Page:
It is a first-person role-playing game where the gamer assumes the character of a girl from either Africa, Nepal or Mexico and is taken through the whole experience of trafficking. The point is to engage the gamer beyond just empathy and encourage action from a community—high school and university students—that may otherwise not know much about the issue.
Going into the project, my primary concern was with trivializing the experiences of sexual trafficking victims. There is absolutely no way to ever simulate the lived experiences of these young adolescents so I am quite ambivalent about the prospects of building genuine empathy through ‘gaming.’
There’s Fashion Wars and then there is Fashion the movie. Fashion Wars is all about seeing whose pose has more style, getting the biatches to gain more cash, and expanding a fashion empire. Fashion the movie takes one behind the camera to see the ugliness of glitz and glamour, into a world that demarcates women as cheap objects for show and sale. They were certainly not meant to be complimentary but how can we bridge the gap between the two platforms in a manner that is both sensitive and engaging?
The concern was somewhat alleviated with knowledge that the producer was an activist film-maker and that the stories in the gameplay were based on real life experiences. And then there was the voice in the back of my head saying if I could excuse and actually appreciate BreakThrough for ICED that simulated the experiences of undocumented immigrants in this country, I had no right to place objections over something I had not experienced or undergone.
The next problem I had was with the complete absence of boys from the gameplay. All the major characters were women. For the first time, I was irked by the absence of men and that awareness came from a queer perspective. We cannot ignore that boys are also sexually trafficked and that there is yet another community that we can reach by including that particular narrative. In our efforts to make women’s experiences more mainstream, let us not marginalize a population that is already afraid to speak out about abuse. De-stigmatize. Make relevant to as many people as possible.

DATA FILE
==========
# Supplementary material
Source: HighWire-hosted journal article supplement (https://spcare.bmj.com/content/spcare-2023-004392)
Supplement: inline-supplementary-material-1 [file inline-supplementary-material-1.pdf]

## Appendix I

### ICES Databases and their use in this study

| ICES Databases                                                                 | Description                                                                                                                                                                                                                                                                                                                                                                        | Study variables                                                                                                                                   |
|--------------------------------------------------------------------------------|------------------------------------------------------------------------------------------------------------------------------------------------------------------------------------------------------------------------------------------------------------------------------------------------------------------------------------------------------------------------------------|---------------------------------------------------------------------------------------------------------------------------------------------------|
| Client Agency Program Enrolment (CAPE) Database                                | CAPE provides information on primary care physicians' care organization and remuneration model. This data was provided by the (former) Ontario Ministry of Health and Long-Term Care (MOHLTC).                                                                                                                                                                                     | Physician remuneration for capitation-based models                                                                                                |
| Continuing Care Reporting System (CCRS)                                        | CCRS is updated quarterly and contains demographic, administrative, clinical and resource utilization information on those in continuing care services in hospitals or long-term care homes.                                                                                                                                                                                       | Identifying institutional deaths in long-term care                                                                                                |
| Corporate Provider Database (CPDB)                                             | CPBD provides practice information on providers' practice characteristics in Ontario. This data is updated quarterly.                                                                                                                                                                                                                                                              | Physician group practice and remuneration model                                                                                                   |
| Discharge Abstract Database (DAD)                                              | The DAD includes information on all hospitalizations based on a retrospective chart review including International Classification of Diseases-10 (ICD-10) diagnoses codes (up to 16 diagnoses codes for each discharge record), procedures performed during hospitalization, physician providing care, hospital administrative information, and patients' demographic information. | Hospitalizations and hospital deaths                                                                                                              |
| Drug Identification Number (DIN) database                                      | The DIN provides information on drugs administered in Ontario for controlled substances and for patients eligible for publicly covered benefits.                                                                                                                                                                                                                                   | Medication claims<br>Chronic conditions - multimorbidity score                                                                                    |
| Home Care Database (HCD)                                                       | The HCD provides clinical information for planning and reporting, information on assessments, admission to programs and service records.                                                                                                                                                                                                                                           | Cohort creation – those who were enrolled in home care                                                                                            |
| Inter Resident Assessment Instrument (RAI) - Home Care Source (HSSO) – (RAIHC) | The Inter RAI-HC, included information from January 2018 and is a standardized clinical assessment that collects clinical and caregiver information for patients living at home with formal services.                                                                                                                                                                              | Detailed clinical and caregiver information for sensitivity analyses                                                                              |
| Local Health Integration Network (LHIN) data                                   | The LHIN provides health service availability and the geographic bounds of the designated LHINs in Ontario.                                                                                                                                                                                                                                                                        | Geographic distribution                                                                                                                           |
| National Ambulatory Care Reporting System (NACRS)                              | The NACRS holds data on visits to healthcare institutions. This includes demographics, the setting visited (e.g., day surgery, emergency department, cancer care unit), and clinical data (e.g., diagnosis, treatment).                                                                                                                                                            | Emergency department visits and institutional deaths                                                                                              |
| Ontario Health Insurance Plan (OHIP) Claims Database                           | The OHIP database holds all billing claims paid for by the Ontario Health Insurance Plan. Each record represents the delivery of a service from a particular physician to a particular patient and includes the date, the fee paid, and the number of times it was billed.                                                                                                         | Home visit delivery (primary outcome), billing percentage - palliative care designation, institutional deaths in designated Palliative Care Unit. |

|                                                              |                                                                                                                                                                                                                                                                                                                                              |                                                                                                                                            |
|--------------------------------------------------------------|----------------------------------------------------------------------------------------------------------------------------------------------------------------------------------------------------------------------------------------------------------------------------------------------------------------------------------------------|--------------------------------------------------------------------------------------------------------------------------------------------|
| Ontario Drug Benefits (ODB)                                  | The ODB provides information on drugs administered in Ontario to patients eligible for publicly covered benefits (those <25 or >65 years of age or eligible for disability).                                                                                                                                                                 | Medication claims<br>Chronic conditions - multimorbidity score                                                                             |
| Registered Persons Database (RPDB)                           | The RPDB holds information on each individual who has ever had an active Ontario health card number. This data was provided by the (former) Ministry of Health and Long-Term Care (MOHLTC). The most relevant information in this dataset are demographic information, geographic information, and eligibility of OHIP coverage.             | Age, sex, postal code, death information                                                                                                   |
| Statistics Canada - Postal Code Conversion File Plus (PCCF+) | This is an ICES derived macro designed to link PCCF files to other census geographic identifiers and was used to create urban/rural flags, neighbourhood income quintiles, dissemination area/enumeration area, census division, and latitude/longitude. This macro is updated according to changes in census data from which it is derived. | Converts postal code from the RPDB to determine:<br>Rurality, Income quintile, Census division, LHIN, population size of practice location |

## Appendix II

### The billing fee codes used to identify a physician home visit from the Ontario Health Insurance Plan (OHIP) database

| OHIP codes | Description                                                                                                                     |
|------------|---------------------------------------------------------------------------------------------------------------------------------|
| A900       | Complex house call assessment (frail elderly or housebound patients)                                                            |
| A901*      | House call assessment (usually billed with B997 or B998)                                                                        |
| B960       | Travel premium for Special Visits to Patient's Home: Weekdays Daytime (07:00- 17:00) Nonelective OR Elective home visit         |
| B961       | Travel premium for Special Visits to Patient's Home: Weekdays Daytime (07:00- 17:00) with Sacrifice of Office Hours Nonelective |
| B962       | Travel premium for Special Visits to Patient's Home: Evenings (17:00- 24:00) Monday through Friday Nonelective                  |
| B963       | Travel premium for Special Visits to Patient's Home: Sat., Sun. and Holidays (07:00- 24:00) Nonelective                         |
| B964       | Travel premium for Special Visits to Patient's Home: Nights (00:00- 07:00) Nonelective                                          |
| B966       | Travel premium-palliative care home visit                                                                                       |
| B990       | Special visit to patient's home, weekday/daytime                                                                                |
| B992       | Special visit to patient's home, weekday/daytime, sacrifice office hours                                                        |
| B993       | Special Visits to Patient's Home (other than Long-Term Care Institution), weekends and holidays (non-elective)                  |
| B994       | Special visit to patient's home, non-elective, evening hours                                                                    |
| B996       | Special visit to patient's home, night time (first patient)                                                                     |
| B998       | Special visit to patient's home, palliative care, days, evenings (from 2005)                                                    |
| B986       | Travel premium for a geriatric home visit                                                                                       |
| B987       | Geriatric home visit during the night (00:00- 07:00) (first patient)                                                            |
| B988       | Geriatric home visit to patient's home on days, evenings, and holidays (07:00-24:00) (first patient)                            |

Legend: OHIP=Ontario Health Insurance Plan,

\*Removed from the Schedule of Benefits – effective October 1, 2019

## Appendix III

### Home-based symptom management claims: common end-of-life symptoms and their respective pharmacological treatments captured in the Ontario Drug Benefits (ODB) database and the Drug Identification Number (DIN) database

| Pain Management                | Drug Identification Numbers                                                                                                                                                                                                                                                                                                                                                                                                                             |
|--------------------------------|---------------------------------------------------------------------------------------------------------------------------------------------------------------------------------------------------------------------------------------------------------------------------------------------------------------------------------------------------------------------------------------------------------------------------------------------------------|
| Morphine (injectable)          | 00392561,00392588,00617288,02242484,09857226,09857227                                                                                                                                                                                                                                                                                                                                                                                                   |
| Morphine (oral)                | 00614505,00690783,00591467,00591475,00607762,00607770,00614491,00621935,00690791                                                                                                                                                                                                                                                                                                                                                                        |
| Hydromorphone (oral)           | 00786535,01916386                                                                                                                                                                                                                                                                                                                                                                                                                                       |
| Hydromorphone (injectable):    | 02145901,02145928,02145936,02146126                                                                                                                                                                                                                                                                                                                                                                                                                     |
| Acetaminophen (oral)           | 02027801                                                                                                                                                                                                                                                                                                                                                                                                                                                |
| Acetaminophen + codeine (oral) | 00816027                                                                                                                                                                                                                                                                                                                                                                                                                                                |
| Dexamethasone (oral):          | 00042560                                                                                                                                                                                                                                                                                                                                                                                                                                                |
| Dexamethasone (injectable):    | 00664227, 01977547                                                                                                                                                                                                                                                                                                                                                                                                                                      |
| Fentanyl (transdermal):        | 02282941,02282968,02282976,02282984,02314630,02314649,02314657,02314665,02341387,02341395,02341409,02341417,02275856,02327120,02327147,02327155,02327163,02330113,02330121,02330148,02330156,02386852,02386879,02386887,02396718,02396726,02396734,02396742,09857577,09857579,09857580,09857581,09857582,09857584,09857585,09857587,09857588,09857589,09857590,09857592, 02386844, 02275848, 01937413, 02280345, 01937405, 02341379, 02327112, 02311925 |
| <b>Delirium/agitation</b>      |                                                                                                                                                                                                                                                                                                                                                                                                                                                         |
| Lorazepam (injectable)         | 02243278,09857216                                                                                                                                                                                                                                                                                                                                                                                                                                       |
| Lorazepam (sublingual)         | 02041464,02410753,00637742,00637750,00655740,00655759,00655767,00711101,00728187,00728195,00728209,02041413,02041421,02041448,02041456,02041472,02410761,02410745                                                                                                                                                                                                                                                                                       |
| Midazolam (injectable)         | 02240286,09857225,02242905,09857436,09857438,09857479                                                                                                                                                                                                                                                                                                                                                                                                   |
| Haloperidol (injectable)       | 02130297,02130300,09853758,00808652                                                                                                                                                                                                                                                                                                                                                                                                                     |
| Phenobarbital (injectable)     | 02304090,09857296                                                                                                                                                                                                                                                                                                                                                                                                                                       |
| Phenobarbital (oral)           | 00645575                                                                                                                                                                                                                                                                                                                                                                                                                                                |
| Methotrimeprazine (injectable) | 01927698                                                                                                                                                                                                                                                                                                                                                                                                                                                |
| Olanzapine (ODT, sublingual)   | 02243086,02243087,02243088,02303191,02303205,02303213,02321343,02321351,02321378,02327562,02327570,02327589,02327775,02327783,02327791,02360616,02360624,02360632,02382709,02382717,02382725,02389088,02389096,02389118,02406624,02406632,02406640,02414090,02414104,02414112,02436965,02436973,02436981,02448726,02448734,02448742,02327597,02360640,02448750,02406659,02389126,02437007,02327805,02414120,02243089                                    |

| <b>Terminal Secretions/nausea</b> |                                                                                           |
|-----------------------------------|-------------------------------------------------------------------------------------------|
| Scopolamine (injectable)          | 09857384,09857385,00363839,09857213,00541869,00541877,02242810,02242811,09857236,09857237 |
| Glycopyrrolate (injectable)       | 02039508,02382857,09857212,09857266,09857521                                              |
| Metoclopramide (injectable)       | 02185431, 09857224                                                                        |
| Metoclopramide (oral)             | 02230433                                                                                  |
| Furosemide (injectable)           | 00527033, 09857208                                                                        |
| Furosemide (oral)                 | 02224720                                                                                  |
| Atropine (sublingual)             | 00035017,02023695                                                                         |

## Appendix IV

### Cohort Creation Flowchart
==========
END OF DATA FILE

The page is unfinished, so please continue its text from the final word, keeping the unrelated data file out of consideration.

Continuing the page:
My third concern dealt with how to draw attention to this game. Why would a teenager or university student play this game? I was told that inner-city youth in New York could relate to the project and could react with empathy that these horrendous things happened with their peers. Yet, it simply is not enough of a selling point for me as a gamer. We mostly play games to escape reality; not relive our pains and misfortunes. There has to be a ‘oh cool!’ factor to attract youth to this game and I hope whoever is given charge to market it can come up with the right catchphrase.
“Someone told me I should have put English as my first language when I registered for school,” Phanachone said. “But I refused. I will not deny who I am. And I will not disrespect my culture or my mother.”
An Iowa high school student who speaks and understands English perfectly has been declared ‘illiterate’ as she refuses to take the English proficiency test at her school. The Sioux City Journal reports:
Lori Phanachone is a member of the National Honor Society, has a 3.9 grade point average and ranks seventh in the senior class of about 119 at Storm Lake High School.
But school officials have told her she is considered to be illiterate based on her refusal to satisfactorily complete the English Language Development Assessment, a test she says is demeaning and racist.
Well, of course it is demeaning and racist. Phanachone was born and bred in the United States. She is being targeted to sit the ELDA because she indicated on a form that English was not the first language spoken in her household and her parents spoke very little English.
Obviously, English is not the first language spoken in most immigrant households but that does not correlate with an inability to speak English. There are white American kids who can barely spell, let alone speak English. Maybe the wrong person is being asked to sit an ELDA.